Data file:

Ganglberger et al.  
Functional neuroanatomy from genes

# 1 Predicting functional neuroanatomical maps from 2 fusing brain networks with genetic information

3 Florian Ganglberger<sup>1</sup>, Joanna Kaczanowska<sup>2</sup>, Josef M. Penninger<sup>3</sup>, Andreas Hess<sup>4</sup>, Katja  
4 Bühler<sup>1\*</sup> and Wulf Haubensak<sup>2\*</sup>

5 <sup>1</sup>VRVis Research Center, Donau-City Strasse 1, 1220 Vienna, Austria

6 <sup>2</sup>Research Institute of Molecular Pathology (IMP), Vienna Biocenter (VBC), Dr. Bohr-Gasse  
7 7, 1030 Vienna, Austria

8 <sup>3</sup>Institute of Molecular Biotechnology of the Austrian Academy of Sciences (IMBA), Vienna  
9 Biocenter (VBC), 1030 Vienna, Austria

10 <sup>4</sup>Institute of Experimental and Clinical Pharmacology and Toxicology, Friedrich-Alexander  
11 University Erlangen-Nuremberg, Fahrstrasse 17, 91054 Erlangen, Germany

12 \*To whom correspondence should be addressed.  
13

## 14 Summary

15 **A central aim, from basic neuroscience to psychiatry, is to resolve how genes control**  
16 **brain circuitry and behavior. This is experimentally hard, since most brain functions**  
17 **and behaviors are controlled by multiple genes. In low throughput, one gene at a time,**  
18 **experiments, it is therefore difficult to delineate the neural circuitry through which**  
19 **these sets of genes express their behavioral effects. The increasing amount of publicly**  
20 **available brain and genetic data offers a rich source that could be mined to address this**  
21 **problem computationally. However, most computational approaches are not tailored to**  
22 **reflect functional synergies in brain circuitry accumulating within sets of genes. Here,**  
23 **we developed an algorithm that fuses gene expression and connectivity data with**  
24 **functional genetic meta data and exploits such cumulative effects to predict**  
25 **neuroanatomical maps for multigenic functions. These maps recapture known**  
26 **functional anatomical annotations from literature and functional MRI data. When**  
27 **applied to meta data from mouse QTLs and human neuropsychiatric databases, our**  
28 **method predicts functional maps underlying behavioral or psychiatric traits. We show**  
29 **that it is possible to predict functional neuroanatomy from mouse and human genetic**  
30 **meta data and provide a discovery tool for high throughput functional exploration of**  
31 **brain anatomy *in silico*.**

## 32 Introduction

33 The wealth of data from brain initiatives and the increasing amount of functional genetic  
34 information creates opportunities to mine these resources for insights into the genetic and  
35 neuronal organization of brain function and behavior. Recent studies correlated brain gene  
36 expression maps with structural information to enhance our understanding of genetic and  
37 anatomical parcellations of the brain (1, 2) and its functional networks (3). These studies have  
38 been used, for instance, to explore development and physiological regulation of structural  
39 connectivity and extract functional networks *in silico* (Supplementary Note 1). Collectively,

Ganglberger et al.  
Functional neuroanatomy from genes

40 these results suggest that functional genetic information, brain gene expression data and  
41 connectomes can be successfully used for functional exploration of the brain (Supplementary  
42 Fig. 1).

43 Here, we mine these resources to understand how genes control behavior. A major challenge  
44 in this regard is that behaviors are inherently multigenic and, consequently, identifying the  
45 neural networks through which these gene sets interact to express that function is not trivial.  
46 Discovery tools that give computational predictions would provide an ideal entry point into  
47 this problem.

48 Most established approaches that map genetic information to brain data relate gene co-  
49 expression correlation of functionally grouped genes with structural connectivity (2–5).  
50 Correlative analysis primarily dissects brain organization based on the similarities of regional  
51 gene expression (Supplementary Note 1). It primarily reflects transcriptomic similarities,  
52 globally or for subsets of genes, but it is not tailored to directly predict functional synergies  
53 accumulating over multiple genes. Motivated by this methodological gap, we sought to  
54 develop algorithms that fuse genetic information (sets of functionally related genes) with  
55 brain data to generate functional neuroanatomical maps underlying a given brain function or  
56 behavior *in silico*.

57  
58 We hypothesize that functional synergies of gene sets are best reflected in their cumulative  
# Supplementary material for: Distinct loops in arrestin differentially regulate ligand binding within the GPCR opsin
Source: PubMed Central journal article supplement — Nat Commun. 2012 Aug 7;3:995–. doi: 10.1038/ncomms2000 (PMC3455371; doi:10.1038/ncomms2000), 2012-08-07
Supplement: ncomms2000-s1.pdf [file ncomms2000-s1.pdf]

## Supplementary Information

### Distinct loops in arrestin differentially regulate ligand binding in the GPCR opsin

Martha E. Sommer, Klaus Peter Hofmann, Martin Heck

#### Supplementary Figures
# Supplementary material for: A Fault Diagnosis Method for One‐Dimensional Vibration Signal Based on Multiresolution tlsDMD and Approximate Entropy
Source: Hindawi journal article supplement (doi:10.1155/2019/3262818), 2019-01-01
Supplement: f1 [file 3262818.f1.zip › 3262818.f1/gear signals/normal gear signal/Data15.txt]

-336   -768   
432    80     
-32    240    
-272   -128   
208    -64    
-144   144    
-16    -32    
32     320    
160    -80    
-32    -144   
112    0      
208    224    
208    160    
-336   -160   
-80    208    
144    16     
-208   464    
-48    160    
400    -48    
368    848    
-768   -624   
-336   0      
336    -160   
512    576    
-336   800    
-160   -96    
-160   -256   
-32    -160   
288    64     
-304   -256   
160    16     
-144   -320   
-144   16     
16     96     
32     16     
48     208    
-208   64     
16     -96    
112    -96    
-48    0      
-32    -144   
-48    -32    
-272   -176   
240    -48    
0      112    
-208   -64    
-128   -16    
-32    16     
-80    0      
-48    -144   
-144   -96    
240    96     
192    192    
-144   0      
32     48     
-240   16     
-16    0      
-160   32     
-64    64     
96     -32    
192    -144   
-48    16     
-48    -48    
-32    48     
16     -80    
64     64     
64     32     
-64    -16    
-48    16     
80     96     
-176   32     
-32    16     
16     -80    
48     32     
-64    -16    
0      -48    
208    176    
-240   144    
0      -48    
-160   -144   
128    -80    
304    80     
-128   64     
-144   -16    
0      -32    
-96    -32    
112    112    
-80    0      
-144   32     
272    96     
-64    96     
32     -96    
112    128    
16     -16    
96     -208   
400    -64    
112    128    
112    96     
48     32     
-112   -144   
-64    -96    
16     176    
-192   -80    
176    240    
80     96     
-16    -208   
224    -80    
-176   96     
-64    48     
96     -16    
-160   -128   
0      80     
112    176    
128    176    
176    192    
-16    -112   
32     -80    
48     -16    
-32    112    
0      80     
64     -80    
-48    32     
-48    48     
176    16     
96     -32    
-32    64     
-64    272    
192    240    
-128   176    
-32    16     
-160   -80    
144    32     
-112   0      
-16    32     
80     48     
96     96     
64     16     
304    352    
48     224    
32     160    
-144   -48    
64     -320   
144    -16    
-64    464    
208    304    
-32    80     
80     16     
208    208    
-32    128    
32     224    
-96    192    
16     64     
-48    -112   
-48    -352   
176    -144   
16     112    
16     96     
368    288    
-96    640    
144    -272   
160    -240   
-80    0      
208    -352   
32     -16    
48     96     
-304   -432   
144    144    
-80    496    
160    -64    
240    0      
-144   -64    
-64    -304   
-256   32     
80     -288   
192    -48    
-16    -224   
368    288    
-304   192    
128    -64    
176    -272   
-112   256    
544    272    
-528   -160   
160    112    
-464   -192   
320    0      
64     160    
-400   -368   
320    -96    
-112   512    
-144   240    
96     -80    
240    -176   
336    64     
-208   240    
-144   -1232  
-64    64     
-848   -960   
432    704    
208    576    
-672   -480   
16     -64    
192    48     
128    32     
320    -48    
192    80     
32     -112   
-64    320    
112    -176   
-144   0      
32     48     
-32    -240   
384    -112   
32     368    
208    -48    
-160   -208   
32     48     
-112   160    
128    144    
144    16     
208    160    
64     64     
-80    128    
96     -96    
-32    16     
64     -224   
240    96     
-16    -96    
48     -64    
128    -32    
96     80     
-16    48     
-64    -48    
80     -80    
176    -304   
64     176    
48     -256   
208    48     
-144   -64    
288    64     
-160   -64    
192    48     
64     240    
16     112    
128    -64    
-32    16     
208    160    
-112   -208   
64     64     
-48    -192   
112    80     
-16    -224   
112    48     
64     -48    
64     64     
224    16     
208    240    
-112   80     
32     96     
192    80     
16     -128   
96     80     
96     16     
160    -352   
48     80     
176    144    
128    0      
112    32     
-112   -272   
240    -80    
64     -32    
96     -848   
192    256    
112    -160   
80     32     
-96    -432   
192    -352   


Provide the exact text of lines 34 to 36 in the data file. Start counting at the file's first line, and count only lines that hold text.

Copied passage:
33 The wealth of data from brain initiatives and the increasing amount of functional genetic  
34 information creates opportunities to mine these resources for insights into the genetic and  
35 neuronal organization of brain function and behavior. Recent studies correlated brain gene  